My expertise in geekythings is limited to what I can do in the software of a system. Given a fully built linux box, I can run just about any program, write anything, do what I want with it. Bend it to my will as my whim directs.
But once outside that box, interfacing with the real world, my skills fall off. Some of my more geekier ambitions fall into interfacing with the computer and systems in ways other than just a keyboard, mouse and screen. Secondary controllers, mobile electronics, small devices that do ‘something’ for you and communicate amongst themselves. Fascinating, but really beyond my base knowledge.
So when I come across absolutely stunning projects like this one, it makes me keenly aware of the holes in my education. Embedded systems are a fascinating field, but one I don’t have the time to explore. Doesn’t mean I can’t appreciate things like this though:
The CLIVE Project is a combination hardware/software/art project that is on display at Burning Man The setting is an archway sculpture in the middle of the playa, with a large countdown clock on it, as well as a green laser shining up into the sky :
A giant digital clock that hangs from that arch counts down from 00:01:30. The warning spinners go still, having gotten your attention. The beam, still pointing oddly at nothing as the countdown marches on, slowly dims. As the clock reaches the last fifteen seconds a tiny dot in the sky gets just bright enough to be seen… moving swiftly towards the green pencil of light.
The dot is barely visible at first; in only seconds it’s brighter than the stars near it and then gets brighter yet. As it crosses the beam its light peaks — shimmering a good eight times brighter than anything else in the sky. It’s moving fast. Not so fast as a falling star, but quicker than most anything else one would see in the natural night sky.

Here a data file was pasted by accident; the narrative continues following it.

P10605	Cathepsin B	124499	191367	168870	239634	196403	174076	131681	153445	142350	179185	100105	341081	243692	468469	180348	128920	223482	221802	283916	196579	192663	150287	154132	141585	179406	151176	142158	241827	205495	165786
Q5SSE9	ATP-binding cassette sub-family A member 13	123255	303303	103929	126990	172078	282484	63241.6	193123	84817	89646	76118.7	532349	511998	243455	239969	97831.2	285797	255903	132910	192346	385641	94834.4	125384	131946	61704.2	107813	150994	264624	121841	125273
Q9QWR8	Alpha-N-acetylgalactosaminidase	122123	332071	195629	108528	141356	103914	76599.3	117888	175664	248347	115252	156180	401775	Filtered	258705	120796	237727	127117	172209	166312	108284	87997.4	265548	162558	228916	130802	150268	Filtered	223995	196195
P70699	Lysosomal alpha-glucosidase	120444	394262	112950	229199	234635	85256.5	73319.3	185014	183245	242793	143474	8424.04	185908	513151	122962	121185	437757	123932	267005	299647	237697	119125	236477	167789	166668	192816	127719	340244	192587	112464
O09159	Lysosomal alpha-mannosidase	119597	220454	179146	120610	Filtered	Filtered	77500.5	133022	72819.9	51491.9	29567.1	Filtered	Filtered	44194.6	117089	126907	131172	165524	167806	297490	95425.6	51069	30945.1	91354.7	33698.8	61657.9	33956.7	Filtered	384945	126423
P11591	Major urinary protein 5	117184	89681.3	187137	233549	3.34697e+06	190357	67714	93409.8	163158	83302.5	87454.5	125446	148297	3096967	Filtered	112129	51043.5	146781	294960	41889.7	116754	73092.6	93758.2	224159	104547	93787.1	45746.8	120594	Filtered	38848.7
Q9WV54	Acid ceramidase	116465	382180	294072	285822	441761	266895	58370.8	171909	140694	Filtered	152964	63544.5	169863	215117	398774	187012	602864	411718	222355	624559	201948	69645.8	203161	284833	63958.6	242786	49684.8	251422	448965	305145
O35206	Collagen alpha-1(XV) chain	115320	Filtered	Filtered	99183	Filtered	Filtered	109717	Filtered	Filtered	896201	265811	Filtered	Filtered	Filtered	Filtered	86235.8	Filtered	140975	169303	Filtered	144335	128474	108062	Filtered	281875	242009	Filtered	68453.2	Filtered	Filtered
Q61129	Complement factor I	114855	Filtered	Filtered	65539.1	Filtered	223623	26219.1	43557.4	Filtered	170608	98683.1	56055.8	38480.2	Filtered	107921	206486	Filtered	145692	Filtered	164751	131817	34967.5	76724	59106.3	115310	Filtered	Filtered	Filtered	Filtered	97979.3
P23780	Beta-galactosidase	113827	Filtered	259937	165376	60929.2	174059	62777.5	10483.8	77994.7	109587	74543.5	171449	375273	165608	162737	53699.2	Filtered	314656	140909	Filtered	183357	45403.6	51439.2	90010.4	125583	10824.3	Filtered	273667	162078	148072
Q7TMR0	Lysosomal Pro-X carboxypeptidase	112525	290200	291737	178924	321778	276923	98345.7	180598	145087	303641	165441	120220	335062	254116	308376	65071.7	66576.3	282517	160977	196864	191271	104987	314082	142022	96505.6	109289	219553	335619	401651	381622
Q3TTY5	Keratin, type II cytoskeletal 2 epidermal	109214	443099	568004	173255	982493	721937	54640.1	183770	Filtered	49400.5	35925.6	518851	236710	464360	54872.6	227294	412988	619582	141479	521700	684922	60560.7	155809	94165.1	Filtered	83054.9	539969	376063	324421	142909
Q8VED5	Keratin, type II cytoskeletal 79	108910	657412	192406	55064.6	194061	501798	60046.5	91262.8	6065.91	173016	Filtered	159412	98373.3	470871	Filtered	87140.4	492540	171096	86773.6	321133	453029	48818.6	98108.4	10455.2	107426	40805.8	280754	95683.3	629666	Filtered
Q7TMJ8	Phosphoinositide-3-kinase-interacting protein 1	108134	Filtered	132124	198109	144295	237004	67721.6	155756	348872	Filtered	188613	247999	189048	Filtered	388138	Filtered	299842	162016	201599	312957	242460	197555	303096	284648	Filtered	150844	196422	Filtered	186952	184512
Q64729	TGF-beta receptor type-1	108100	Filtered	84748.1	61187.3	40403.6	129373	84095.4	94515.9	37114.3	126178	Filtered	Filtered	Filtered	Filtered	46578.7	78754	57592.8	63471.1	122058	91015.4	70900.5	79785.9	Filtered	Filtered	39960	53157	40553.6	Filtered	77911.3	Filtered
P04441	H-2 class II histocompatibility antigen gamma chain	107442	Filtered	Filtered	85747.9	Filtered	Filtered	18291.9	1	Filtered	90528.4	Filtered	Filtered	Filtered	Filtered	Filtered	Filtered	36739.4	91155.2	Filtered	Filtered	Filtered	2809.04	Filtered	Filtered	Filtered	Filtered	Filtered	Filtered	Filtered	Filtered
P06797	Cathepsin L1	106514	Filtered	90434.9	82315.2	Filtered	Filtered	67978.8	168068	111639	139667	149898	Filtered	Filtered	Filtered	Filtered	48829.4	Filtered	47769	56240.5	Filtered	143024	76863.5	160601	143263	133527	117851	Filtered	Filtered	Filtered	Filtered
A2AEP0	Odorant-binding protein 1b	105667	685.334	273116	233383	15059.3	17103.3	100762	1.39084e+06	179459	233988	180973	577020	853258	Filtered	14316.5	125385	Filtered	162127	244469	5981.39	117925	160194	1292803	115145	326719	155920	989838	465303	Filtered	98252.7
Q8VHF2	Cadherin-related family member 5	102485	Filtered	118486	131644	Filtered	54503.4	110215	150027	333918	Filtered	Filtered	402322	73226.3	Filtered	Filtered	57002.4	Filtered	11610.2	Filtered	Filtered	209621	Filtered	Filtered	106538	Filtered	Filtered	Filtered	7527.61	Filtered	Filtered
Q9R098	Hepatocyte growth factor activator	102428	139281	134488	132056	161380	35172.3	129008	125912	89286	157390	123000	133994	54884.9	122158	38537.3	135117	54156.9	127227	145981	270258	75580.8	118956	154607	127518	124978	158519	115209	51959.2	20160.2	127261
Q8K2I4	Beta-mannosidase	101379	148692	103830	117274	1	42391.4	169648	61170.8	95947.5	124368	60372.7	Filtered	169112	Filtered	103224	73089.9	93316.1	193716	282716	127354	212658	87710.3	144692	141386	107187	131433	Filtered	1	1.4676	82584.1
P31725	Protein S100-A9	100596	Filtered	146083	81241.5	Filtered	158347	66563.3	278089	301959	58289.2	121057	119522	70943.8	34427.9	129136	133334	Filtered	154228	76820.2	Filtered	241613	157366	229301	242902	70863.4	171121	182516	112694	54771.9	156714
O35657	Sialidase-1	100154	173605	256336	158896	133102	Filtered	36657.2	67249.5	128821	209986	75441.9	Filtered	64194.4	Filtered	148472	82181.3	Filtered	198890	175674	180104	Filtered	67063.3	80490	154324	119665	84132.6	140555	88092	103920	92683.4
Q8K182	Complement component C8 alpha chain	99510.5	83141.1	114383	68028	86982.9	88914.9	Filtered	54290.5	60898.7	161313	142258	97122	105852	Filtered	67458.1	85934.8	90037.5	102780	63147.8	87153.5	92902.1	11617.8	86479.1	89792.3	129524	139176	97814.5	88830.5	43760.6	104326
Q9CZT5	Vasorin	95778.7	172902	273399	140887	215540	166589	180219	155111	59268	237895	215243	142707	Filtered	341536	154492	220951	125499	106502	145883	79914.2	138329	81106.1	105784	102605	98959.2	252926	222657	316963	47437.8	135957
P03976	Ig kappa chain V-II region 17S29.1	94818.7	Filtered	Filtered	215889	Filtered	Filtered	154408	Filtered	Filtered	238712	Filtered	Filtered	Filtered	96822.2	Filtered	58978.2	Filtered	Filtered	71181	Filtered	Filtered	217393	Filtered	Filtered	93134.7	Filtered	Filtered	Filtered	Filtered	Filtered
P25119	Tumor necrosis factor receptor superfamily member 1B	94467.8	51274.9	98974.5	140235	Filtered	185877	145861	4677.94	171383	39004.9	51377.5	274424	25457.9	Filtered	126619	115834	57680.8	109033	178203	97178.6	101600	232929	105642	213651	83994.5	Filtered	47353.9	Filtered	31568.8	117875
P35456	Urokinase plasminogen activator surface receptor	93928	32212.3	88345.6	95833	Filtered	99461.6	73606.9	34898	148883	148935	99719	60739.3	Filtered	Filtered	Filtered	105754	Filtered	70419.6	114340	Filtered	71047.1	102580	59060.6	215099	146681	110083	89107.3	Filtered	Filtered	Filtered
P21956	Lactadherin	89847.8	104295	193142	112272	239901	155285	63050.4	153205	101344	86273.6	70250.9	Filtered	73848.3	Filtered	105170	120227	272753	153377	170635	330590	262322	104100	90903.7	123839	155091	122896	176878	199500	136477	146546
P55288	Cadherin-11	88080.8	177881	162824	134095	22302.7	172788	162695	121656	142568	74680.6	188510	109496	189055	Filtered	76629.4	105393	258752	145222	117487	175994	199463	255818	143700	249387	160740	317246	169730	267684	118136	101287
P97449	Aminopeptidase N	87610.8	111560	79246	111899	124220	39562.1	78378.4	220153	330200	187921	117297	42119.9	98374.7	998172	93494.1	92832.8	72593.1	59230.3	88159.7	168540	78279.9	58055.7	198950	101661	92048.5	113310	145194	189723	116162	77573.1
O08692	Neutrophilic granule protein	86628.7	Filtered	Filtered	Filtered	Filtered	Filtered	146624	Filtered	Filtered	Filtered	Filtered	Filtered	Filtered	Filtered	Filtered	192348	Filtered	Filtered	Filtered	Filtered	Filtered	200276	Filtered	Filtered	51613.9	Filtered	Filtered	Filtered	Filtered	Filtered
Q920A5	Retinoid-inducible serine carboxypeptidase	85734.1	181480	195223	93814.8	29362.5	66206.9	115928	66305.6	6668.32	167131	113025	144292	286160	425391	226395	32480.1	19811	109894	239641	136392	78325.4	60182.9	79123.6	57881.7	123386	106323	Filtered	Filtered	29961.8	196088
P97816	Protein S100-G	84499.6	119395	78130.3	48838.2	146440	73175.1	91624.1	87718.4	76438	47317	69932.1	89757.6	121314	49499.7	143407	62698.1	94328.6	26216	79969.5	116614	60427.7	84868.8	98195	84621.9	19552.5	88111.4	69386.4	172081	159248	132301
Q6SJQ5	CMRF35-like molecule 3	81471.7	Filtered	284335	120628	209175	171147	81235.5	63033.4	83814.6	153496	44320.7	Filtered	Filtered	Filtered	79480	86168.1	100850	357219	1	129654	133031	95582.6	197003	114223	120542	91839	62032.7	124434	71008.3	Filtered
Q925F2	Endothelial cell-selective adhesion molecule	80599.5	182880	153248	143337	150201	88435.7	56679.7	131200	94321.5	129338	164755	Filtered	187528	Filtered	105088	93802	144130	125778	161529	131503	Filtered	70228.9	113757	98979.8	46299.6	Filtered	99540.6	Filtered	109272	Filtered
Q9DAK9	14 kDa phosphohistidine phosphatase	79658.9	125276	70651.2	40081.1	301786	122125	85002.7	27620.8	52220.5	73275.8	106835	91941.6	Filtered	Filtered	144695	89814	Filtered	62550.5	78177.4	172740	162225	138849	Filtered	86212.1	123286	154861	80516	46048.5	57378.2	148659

Just as quickly it pases, fading; the laser dimmed to nothing, the entire archway gone dormant. No light; no sound… just that same travelling pinpoint of light dipping out of sight into blackness again. A few long seconds pass; maybe a halfminute or so. With a gentle whirr and flicker of green light the archway returns to life, counter resetting. “NEXT FLARE:” scrolls up on the display across the archway’s main beam, the 10-foot-long clock resetting and starting the countdown anew.
You just witnessed the magnitude -8 flare of an Iridium satellite, reflecting the sun straight at you as it passes overhead.
The large copper structure you’re standing under? It’s an almagest of sorts; a guide to the stars. We like to call it CLIVE: the Celestial Laser Identification / Visualization Experiment.
How cool is that?